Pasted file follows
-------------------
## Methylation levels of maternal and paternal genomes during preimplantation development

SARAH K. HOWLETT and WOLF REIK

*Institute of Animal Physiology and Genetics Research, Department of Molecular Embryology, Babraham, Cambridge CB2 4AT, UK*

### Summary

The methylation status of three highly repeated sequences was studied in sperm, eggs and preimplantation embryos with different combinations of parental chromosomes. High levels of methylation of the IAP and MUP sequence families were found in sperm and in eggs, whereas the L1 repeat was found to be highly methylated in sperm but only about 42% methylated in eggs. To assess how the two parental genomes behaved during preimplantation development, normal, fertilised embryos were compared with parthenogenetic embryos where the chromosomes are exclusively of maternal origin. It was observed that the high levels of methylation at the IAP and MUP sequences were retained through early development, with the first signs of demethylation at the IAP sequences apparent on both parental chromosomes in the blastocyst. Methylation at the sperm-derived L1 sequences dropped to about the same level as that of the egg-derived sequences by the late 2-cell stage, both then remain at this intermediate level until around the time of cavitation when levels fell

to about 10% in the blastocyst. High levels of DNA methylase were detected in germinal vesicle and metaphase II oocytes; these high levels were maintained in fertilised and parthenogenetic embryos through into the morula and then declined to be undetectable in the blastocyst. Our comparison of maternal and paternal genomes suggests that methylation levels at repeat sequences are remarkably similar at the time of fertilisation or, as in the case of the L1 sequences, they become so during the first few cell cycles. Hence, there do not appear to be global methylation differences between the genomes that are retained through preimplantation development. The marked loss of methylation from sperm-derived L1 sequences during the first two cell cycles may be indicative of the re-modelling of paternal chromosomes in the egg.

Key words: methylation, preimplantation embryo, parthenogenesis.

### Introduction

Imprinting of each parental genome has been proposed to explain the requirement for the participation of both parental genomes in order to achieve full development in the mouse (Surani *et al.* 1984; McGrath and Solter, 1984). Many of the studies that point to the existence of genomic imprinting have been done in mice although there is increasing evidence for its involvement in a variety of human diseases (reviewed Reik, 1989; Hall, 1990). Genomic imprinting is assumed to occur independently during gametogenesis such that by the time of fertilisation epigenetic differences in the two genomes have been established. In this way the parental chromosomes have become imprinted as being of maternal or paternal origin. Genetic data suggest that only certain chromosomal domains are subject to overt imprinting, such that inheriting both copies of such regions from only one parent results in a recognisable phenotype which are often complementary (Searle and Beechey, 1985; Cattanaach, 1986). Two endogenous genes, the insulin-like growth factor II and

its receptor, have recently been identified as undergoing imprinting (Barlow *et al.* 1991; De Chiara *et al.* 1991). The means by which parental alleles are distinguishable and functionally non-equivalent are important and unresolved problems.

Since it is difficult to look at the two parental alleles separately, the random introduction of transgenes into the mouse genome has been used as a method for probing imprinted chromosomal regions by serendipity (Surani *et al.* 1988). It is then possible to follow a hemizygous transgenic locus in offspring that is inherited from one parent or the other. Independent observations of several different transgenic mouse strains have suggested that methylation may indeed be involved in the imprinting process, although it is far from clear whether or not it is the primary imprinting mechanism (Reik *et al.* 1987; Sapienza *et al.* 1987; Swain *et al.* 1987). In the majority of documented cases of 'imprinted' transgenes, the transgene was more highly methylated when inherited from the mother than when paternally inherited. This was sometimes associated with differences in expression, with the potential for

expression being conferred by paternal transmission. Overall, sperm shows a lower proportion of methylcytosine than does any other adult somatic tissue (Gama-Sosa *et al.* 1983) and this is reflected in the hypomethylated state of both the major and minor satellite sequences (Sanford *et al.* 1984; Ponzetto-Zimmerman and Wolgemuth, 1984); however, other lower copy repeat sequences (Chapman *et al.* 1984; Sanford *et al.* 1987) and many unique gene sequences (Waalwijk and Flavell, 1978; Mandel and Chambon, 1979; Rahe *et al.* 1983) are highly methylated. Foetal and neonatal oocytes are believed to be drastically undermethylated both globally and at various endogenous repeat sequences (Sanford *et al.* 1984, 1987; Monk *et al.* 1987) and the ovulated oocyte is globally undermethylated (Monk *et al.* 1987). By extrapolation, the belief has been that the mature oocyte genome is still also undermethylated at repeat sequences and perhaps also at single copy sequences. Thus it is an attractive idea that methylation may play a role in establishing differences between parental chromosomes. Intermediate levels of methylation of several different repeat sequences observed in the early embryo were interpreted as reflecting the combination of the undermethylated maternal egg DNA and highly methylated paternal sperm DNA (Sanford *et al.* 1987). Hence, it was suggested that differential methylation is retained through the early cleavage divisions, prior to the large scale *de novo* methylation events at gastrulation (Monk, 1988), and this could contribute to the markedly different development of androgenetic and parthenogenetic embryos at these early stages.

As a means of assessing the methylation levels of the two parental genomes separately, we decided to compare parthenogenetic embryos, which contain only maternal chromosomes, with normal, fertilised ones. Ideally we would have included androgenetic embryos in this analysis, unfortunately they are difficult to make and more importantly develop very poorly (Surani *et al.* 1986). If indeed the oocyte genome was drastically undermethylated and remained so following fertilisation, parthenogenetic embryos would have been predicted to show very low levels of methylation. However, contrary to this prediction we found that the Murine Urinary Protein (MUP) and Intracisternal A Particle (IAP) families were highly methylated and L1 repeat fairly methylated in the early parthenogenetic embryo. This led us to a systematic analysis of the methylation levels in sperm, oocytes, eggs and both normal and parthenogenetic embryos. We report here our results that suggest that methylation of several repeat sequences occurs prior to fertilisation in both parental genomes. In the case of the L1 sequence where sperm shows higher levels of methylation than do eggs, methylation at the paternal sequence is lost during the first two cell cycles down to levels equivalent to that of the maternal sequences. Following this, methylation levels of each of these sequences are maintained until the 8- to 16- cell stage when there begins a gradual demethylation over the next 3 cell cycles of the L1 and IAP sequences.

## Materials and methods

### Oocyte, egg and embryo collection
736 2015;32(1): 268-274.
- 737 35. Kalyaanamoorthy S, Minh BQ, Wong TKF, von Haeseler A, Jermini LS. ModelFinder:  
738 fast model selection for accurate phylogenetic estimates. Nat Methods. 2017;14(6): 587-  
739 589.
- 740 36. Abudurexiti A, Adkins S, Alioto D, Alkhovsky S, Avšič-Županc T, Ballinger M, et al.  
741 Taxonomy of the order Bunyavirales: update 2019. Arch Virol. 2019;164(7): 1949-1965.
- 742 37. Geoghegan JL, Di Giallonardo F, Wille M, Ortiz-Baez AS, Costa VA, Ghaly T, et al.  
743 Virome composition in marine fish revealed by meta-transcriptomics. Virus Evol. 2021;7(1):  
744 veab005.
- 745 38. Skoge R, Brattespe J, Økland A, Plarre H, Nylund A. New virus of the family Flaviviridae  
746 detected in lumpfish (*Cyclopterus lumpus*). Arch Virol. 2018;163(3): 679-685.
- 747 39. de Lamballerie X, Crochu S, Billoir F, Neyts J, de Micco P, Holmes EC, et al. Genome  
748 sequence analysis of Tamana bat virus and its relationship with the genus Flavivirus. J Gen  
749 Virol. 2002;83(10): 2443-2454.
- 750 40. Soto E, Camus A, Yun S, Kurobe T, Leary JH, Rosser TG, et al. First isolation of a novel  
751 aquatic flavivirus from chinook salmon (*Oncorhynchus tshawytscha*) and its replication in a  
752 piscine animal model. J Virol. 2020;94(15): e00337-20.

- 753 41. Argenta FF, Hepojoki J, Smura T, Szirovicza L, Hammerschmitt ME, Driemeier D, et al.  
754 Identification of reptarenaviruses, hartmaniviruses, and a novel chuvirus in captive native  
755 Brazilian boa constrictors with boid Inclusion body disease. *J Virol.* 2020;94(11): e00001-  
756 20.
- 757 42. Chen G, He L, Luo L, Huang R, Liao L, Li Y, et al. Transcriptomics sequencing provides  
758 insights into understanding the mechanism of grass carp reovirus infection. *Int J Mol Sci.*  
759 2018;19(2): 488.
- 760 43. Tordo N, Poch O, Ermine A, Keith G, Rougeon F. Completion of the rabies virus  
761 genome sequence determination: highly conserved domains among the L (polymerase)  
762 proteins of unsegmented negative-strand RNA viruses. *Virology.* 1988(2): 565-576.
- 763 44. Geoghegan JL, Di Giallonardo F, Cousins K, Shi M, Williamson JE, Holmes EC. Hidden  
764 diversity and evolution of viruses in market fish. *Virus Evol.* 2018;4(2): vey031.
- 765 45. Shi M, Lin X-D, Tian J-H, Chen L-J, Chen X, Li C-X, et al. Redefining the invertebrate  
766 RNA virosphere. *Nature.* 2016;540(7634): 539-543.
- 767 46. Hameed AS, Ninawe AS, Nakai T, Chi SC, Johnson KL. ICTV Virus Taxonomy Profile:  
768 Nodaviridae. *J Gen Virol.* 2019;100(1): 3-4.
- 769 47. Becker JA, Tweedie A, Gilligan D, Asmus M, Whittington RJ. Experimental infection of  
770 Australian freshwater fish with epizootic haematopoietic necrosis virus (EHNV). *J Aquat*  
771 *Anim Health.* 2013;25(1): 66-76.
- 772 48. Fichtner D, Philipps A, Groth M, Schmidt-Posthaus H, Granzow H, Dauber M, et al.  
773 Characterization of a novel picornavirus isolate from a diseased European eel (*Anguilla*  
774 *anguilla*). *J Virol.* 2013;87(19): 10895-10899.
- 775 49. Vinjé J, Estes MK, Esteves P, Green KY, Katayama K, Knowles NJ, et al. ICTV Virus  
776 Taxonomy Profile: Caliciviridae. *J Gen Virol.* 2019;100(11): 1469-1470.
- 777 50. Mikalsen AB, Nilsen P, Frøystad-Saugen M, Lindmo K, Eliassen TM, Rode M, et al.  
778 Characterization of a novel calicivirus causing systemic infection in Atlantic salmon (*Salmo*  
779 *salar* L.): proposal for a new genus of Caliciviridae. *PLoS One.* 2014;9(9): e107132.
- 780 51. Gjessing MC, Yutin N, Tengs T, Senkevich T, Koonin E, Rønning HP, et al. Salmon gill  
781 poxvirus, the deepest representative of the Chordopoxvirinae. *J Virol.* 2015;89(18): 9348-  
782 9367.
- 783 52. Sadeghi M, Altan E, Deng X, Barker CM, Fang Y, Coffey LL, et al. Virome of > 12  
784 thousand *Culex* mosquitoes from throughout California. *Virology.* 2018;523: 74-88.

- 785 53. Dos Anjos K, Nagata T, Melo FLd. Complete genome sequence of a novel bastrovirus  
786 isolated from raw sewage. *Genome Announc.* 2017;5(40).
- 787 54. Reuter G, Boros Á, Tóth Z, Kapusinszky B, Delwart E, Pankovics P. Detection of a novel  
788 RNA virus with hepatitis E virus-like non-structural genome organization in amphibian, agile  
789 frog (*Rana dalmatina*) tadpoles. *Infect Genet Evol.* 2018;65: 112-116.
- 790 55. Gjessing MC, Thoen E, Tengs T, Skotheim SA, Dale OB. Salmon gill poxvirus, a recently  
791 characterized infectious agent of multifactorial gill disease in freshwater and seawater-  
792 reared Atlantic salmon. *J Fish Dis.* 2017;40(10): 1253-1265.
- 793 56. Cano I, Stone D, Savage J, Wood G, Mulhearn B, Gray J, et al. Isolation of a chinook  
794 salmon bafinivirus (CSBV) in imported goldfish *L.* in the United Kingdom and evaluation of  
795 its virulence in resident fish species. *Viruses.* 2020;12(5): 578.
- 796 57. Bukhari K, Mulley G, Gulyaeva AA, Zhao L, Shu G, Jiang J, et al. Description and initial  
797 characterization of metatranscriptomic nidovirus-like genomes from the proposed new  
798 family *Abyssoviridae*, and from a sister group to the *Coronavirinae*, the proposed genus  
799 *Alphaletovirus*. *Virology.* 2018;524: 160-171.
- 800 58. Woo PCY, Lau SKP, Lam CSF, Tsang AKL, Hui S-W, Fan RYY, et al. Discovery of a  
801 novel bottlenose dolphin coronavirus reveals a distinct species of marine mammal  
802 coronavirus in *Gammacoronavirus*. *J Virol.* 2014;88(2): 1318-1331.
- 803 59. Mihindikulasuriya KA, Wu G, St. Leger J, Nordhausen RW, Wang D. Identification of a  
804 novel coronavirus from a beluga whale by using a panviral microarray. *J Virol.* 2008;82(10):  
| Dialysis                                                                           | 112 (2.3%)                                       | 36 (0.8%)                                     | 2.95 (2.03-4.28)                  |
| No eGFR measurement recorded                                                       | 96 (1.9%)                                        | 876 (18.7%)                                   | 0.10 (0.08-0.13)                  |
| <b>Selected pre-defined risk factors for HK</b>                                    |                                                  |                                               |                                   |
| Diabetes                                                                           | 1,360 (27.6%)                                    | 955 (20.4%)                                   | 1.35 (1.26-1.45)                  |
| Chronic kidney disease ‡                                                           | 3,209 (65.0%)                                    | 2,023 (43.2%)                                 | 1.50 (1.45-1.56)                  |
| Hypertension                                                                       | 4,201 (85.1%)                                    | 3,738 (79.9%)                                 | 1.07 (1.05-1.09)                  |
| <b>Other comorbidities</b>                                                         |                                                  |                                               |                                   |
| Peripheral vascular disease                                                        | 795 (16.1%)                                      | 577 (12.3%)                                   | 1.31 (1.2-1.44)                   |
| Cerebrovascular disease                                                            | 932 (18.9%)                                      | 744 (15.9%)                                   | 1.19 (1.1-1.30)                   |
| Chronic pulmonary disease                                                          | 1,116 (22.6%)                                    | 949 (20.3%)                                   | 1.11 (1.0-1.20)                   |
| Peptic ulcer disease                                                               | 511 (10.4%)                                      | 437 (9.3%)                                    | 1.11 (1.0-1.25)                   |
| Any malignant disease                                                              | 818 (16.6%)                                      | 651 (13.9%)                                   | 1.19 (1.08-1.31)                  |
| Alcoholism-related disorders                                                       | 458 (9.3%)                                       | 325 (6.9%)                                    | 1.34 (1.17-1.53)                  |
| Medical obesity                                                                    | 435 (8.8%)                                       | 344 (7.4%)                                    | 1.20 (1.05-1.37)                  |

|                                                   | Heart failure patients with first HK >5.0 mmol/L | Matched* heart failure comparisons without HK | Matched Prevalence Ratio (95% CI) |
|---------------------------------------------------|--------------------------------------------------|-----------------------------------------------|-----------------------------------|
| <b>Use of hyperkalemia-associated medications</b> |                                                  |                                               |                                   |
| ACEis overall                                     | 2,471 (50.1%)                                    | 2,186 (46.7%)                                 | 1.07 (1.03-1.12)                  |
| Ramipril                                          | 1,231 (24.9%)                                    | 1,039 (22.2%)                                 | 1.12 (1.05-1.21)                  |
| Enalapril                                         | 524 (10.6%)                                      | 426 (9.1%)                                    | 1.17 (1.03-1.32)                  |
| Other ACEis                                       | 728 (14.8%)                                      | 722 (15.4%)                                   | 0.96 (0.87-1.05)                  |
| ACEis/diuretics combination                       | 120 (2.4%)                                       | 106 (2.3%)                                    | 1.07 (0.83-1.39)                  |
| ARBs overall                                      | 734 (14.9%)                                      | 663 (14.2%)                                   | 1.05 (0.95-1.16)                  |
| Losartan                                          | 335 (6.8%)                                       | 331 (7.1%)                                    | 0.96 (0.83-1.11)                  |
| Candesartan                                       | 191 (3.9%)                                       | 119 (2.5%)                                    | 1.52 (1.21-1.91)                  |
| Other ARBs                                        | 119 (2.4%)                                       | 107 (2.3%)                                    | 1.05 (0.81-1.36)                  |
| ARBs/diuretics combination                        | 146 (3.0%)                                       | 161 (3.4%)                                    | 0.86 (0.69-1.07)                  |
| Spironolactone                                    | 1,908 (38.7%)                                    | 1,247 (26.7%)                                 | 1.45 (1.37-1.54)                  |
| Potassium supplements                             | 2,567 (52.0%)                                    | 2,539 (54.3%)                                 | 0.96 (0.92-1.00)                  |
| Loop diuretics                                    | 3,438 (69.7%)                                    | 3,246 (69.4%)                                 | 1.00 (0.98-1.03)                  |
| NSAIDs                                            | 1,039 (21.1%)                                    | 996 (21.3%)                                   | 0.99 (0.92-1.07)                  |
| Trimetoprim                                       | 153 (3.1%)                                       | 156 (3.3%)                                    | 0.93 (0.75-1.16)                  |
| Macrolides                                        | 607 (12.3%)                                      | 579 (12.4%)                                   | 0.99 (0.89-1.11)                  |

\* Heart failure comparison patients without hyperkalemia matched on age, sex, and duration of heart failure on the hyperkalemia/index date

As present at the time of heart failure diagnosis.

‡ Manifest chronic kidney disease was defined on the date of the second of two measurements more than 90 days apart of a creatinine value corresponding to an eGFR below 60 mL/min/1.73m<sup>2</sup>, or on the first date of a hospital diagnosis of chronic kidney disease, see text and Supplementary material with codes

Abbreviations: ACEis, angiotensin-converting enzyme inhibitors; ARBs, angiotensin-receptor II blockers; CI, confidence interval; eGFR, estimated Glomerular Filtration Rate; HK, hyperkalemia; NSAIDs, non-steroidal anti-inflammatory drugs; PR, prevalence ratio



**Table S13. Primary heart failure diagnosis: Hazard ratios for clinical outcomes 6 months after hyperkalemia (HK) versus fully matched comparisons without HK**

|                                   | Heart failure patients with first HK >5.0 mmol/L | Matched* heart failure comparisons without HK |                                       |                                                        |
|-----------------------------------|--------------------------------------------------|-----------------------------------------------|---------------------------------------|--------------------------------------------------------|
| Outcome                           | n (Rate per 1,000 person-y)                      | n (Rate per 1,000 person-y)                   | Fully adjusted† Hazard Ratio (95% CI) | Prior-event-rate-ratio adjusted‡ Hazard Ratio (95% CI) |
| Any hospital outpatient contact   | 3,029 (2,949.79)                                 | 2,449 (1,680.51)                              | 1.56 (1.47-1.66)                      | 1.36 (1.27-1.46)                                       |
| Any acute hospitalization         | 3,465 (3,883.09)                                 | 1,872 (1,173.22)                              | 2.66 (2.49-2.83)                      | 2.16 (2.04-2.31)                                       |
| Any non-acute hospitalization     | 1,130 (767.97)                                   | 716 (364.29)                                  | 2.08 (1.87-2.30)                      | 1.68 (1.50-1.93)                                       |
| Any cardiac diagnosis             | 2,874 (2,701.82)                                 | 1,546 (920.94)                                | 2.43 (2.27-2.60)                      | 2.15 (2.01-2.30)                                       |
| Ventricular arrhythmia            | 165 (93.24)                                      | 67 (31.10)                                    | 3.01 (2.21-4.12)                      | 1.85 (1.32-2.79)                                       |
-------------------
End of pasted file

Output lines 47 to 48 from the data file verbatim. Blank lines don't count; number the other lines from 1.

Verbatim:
- 767 46. Hameed AS, Ninawe AS, Nakai T, Chi SC, Johnson KL. ICTV Virus Taxonomy Profile:  
768 Nodaviridae. *J Gen Virol.* 2019;100(1): 3-4.